Even the briefest visit to Australia will make one thing blindingly obvious to the visitor: the most colorful people in this country are not rap musicians, artists, gay activists, pimps or drug dealers; they are the men and women who work with tools and trucks.

Anyone who drives a ‘ute” (utility vehicle), works at a construction site, paves a driveway, plants trees or darts up the sidewalk on a motorbike delivering the mail, (delivering anything for that matter), must be dressed in a shade of yellow, orange or green that would make a butterfly blush.

It’s a safety thing.

I’ve been told by one of my eccentric cycling companions that some tool users are very, very touchy about their tools. So, the colorful plumage may also be one way of saying, “back off, mate.” If the Aussie equivalent of Homer Simpson was in the middle of a nuclear meltdown, he could get very annoyed if a nuclear engineer attempted to plug his finger in the radioactive dyke. Working fingers only need apply. Preferably middle digits that have been used graphically on picket lines.

Not being a member of the working world, I am something of a loss when it comes to a topic such as this. It it does appear, however, that unions with a capital U have much more clout here than in in North America, where they have been decimated. Despite his increasing clout as a filmmaker and ballooning budgets, Michael Moore’s most powerful film is “Roger and Me,” which documents the devastation of of his hometown, Flint, Michigan, when General Motors moved its plant to Mexico.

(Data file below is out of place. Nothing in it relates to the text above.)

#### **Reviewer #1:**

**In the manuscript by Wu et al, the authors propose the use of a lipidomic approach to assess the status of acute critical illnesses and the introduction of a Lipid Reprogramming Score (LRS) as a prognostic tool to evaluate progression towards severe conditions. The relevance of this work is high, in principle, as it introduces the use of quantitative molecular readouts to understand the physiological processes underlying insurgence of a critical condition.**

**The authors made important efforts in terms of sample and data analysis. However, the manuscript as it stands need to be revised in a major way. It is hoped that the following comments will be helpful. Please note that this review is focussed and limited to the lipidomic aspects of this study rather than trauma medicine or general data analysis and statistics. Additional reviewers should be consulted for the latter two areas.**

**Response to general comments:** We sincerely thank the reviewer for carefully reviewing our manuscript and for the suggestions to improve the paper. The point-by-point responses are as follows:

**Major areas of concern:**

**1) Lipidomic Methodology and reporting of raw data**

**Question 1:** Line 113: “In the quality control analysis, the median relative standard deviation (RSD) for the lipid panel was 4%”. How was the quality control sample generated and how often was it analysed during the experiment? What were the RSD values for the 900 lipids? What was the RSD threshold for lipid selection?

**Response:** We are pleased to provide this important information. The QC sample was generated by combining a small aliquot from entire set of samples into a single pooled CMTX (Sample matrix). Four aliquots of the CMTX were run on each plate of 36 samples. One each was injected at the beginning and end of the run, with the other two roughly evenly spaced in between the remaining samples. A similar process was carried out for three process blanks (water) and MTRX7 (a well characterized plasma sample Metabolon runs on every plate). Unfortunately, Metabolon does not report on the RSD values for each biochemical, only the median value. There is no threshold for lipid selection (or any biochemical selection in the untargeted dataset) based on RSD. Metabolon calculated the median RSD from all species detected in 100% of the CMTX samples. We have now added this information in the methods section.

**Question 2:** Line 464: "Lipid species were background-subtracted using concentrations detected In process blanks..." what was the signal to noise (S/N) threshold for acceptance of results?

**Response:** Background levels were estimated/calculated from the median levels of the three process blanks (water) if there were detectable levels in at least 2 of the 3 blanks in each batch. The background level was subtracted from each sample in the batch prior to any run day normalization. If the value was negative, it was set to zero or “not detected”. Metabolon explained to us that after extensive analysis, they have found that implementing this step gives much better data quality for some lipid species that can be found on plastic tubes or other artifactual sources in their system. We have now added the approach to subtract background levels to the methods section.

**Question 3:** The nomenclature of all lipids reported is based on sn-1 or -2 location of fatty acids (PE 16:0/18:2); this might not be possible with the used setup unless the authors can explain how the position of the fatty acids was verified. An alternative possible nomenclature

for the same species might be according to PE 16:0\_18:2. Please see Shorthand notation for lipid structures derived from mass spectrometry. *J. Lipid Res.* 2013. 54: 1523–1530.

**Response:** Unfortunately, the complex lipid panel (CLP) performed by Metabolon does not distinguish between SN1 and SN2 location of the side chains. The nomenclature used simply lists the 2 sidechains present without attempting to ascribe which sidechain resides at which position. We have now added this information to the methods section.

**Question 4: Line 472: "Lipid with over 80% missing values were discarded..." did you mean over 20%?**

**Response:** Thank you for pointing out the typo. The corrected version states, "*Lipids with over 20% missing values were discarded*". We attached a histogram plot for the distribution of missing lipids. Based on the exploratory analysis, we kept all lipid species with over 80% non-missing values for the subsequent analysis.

Skilled, even unskilled workers in Australia have to be valued. There simply aren’t enough of them. Australia doesn’t share a porous border with a conveniently impoverished country, so it can’t count on cheap, expendable laborers to do the dirty work. To open up the country to willing workers from Asian countries would mean raising the red flag of immigration. We all know where that leads. One Pauline Hansen a decade may be more than enough, even for insular Australians.

But I’m getting off topic. Visibility and workplace safety are good things. When I am out on my recumbent bike in traffic I want to be seen by the driver on his mobile phone who may be completely oblivious to my presence. However, it does seem that the Workplace Safety people may have gone a bit overboard with the phosphorescent thing.

Could it be that the sheer numbers of workers wearing fluorescent clothing may, in fact, be having exactly the wrong effect, desensitizing the population through sheer overexposure? Can the collective retinal rods and cones of the Australian population absorb all this loud luminescence without tuning it out?

To me, grey flannel is starting to look good. Comments, anyone?